Police, The Fourth Amendment, Qualified Immunity

Cracked Magazine versus First Circuit Judge Stahl

with one comment

The Cracked article: This week long-running humor periodical (traditionally a magazine, now on the net) Cracked ran an article critical of certain aspects of the justice system in the United States. One of the criticisms was directed at police lineup. Quoth Cracked:

And [police lineups are] an even bigger problem when the officer standing there with the witness is the one who’s working the case — the officer is going to, consciously or unconsciously, subtly do everything he or she can to make that little old lady pick the guy the cops think did it (scientific experiments always have to control for this, otherwise the results are considered invalid).

There is an easy fix — it’s called a sequential lineup. The witness sees photos of people one at a time instead of all at once. The trick is not to tell the witnesses how many photos there are in total, and to only allow them to go through the pictures once. That’s all there is to it — it prevents witnesses from simply picking someone out because they’re the best option in the bunch, it encourages them to keep looking until they see one who actually fits their memory, and it eliminates the chance for an officer to say things like “Now, did you look closely at No. 2? Look at him again, with his squinty, purse-stealing eyes …”

Read more: http://www.cracked.com/article_20175_5-staples-legal-system-that-statistics-say-dont-work.html#ixzz2IzcNTAfh

and for the opposing viewpoint:

Case: ROBINSON v. COOK, No. 12-1722 (First Circuit, January 23, 2013, authored by Stahl, J.)

Decision: The opinion decides that a lineup for cars in a police parking lot is acceptable to establish probable cause (no word on how many other cars in the lot matched the description that had been previously provided by the witness). Perhaps even more surprisingly, Judge Stahl’s opinion blesses the “show up” procedure that police used in this case. In a “show up,” the witness is shown only a single person (instead of a lineup) and asked if that one person is the perpetrator of the crime. This is generally considered even more suggestive than the lineup procedure attacked in the Cracked article, but it was good enough for Judge Stahl and the First Circuit panel that decided Robinson v. Cook.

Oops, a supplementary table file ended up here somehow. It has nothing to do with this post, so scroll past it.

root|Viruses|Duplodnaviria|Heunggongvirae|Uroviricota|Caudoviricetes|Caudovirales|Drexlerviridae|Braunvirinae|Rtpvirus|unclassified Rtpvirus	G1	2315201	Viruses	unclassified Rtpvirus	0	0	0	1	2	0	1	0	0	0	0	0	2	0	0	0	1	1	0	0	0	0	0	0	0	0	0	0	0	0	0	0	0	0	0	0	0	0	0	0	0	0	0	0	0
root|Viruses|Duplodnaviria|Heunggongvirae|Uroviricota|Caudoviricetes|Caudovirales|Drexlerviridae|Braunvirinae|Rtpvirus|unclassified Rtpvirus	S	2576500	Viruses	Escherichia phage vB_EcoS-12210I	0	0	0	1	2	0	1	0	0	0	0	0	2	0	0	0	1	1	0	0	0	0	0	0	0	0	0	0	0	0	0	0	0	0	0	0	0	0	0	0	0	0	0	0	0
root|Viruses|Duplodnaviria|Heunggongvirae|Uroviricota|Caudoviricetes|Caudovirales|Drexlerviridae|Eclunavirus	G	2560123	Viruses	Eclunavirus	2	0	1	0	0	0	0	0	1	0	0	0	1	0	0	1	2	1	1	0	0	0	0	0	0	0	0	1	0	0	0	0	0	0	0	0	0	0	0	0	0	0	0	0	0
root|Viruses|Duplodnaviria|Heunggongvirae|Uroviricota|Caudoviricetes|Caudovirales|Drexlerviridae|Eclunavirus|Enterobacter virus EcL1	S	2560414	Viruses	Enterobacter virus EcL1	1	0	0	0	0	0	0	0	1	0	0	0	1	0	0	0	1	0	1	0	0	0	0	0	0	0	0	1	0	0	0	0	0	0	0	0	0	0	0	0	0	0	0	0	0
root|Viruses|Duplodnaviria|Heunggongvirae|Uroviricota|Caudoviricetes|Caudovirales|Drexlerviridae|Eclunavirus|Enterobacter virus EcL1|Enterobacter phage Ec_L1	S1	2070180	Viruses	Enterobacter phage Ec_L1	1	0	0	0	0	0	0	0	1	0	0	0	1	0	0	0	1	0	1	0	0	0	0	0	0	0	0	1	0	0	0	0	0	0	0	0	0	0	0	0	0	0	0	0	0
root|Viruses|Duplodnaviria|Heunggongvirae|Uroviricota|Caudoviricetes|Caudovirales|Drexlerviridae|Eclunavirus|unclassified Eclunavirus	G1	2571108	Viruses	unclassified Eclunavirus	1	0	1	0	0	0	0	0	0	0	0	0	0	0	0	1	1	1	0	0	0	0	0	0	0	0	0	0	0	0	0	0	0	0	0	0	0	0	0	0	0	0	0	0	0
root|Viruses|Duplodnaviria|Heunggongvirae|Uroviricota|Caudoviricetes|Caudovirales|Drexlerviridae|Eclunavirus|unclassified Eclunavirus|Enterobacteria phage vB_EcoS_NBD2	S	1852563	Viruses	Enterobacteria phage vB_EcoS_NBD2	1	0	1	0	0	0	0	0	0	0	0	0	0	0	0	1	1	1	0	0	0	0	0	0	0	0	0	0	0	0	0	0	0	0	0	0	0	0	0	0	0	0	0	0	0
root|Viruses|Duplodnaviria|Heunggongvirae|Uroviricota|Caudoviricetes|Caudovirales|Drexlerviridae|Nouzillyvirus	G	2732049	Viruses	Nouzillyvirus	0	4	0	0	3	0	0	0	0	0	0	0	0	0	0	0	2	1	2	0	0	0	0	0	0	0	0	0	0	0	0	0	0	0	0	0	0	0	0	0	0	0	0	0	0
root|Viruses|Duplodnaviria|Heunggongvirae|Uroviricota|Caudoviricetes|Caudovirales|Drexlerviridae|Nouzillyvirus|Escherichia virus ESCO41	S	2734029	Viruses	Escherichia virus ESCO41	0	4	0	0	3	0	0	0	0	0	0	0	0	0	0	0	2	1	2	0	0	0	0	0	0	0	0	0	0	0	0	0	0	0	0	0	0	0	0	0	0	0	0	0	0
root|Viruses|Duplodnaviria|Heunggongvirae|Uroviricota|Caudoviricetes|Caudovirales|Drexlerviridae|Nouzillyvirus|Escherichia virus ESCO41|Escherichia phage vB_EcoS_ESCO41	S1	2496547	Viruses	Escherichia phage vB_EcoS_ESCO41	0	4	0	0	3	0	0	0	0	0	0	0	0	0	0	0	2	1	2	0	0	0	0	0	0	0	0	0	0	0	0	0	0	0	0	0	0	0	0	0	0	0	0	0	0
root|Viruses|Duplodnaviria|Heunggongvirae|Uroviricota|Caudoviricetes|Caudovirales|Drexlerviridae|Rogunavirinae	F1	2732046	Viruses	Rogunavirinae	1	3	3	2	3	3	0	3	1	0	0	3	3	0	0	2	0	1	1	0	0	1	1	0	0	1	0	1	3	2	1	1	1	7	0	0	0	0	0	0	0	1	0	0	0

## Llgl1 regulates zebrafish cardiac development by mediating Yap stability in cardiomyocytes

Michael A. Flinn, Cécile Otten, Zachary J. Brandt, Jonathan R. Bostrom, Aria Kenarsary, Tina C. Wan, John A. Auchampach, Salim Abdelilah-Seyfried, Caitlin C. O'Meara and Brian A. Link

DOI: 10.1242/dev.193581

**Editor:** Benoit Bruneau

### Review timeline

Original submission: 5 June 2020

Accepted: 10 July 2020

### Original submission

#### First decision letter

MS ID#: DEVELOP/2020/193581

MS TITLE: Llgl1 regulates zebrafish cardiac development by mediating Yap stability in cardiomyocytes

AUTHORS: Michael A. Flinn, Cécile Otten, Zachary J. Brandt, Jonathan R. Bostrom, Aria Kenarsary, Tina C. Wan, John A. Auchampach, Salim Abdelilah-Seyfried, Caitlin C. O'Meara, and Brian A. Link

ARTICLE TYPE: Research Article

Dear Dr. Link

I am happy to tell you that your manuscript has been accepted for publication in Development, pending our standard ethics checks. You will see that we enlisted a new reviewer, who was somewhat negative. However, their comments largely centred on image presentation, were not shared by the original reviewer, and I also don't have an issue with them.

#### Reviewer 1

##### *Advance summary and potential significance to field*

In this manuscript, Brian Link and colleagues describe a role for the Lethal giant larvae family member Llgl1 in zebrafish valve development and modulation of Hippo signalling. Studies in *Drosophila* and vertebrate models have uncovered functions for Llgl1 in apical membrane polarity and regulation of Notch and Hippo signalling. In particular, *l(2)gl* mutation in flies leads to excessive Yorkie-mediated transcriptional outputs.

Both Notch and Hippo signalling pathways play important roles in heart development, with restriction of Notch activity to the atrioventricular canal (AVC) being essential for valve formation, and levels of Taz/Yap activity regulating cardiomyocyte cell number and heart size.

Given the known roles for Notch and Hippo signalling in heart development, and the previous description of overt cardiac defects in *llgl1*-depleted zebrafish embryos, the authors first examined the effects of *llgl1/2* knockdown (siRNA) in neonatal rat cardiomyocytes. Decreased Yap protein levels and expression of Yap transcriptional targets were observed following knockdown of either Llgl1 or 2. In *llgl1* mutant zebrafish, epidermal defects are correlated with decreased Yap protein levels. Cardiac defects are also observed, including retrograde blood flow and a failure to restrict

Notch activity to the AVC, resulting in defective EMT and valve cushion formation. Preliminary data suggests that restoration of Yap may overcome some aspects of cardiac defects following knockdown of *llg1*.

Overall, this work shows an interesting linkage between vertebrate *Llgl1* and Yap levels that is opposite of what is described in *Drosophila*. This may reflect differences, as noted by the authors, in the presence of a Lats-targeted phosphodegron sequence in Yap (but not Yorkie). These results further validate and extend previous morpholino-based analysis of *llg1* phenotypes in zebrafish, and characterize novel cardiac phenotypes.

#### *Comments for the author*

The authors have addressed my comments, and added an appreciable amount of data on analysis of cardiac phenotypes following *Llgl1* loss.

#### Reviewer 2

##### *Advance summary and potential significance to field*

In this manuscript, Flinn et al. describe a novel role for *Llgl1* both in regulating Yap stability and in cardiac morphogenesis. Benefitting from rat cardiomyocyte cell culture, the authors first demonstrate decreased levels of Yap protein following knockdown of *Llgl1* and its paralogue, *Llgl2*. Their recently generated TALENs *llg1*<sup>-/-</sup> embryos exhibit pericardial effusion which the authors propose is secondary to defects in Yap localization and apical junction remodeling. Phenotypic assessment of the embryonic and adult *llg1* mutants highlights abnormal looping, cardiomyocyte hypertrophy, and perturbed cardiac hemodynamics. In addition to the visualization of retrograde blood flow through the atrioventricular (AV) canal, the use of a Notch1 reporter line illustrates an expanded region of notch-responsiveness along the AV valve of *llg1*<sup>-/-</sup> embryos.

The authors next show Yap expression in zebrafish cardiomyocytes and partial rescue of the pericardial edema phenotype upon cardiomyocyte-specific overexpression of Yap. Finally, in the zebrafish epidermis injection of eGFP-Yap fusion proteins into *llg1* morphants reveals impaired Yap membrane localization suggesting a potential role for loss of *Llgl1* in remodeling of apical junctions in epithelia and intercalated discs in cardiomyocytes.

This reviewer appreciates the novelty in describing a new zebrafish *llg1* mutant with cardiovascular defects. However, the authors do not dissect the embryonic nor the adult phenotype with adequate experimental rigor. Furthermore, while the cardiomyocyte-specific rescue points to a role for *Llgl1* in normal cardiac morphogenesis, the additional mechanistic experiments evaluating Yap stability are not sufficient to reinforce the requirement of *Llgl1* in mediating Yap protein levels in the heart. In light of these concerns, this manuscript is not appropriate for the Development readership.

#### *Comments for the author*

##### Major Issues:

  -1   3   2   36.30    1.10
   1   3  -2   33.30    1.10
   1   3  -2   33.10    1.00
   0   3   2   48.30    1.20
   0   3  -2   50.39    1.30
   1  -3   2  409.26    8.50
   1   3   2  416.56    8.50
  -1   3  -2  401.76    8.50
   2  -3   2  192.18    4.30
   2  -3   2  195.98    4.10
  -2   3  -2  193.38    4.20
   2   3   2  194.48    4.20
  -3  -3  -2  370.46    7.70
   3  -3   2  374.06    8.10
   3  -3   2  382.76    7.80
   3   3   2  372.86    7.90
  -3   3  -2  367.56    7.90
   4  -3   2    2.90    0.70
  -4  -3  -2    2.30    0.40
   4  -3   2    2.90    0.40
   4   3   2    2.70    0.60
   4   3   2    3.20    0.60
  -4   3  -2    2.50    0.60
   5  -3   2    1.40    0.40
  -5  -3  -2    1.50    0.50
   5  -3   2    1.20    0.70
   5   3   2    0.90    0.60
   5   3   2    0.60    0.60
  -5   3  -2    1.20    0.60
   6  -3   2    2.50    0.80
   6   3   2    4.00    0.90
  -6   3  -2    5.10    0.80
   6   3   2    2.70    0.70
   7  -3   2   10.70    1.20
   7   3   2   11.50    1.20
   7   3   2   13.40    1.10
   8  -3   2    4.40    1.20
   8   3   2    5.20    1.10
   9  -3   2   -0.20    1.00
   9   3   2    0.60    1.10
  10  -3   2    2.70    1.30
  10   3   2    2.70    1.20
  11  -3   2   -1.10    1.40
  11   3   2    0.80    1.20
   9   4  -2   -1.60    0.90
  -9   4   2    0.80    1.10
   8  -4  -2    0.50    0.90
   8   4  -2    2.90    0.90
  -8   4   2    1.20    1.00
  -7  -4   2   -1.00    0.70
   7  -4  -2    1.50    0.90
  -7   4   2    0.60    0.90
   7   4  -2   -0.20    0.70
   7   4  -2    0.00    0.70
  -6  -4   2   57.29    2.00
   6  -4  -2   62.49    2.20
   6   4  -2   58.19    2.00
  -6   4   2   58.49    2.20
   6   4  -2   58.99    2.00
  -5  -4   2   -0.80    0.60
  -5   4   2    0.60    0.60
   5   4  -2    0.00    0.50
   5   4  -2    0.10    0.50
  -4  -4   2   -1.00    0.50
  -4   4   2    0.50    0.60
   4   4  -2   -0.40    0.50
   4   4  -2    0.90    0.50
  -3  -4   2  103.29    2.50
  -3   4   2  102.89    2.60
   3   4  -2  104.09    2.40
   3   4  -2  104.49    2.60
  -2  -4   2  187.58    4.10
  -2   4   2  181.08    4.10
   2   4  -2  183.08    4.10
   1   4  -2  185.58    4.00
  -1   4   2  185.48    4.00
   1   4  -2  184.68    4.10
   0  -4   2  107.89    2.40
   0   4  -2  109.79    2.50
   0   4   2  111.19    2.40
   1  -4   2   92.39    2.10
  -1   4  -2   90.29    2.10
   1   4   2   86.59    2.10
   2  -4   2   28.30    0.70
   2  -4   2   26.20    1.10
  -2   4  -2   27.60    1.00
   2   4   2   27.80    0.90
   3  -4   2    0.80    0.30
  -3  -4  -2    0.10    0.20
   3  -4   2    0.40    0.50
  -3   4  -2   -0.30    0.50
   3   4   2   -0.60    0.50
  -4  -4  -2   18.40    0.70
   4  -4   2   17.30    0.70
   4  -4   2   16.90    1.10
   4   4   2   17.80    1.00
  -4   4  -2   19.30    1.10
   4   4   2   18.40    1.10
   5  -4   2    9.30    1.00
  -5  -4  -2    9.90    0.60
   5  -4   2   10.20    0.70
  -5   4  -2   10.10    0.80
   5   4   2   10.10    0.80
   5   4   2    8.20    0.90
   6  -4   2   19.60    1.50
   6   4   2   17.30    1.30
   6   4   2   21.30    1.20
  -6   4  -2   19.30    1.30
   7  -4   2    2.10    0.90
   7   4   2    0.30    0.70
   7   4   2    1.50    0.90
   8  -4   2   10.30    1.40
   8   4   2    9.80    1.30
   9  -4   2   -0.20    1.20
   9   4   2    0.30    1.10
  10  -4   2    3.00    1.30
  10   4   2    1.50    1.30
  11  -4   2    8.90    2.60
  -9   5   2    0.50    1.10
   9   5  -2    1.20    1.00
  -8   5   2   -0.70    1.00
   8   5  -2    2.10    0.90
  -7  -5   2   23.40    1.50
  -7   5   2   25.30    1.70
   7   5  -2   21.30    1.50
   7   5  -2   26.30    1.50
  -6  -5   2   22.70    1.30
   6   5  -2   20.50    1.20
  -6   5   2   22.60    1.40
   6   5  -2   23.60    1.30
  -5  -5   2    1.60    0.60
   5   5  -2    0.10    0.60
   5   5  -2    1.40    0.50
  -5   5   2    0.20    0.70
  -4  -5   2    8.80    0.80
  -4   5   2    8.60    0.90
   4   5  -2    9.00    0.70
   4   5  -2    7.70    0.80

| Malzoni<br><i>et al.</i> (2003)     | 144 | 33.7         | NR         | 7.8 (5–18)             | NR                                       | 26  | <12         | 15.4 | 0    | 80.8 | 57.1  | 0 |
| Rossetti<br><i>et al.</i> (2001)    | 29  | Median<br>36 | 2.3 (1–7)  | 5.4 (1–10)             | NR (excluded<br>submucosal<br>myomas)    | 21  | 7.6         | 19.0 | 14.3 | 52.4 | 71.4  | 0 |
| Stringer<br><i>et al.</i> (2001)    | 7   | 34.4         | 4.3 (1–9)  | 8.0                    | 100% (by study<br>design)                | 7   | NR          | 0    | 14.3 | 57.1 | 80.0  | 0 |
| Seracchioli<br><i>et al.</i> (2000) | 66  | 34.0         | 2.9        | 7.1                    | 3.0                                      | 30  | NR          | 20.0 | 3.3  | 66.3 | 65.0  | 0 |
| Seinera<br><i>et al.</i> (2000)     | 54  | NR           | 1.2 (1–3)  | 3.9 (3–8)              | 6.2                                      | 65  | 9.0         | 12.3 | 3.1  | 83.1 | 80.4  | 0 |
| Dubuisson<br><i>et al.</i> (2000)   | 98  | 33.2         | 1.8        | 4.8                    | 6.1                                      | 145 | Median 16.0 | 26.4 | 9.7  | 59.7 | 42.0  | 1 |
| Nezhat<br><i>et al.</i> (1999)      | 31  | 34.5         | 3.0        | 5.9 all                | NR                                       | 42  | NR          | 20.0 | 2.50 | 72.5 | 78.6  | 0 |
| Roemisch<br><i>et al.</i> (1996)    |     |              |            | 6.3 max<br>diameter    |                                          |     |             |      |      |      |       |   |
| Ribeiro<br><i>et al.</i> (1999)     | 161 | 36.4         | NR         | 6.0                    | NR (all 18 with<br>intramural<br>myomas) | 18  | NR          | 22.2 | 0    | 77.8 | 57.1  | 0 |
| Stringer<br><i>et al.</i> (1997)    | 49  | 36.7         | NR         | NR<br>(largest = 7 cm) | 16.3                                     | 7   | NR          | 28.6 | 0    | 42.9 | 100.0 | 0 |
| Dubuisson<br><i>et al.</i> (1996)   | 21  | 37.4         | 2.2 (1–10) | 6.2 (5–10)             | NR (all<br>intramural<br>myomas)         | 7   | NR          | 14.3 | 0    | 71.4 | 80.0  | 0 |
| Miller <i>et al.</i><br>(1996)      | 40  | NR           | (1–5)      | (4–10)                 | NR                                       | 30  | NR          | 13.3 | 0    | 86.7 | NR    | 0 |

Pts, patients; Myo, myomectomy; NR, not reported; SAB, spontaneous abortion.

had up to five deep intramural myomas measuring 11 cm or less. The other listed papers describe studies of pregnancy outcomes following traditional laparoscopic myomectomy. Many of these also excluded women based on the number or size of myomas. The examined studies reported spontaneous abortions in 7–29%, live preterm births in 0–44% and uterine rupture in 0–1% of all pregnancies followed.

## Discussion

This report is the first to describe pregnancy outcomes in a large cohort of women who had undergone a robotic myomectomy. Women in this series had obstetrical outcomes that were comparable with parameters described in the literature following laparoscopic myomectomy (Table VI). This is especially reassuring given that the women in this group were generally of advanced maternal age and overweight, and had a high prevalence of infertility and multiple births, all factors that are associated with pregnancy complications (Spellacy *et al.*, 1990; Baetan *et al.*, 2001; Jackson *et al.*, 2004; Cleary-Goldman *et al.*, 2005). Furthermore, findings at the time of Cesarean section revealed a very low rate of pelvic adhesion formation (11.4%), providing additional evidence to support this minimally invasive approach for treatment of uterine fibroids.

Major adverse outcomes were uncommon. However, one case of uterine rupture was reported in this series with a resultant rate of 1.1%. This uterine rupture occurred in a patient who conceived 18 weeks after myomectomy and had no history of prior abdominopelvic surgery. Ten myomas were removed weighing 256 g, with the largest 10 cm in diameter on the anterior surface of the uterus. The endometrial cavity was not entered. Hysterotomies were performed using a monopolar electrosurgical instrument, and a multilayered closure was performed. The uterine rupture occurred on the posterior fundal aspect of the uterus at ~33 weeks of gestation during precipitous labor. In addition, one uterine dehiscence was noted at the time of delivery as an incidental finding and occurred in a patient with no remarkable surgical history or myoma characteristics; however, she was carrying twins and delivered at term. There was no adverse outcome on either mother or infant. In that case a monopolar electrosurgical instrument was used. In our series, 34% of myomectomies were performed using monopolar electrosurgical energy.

Did the Robinsons do the crime?: I will end this entry with a quote from Judge Stahl regarding whether the Robinsons really were guilty of the attack for which they were arrested and charged (and allegedly beaten up by police):

Precisely what transpired on Wilmarth Street on July 12, 2007 may never be established. Certainly, if Robert and Mario’s account is accurate, their dudgeon at being arrested and haled into court is understandable. But on the facts disclosed by this record — even when viewed in the light most favorable to the Robinsons. . . . — the defendants acted lawfully. Accordingly, we [dismiss the civil claims against the policemen involved in the arrest].

Written by Burgers Allday

January 25, 2013 at 8:05 am

Posted in Uncategorized

One Response

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  1. I agrre. There is a lot of good research in social psychology on eyewitness testimony, and on lineups in particular. (Getting it into court is another matter.) The best solution for lineups, I think, would be to take the job out of the hands of the police; have a separate office that does lineups. When the person conducting the lineup knows which of the subjects in the array is the suspect, the odds that that suspect will bve picked out increase.

    Bill O'Brien

    January 27, 2013 at 12:31 pm

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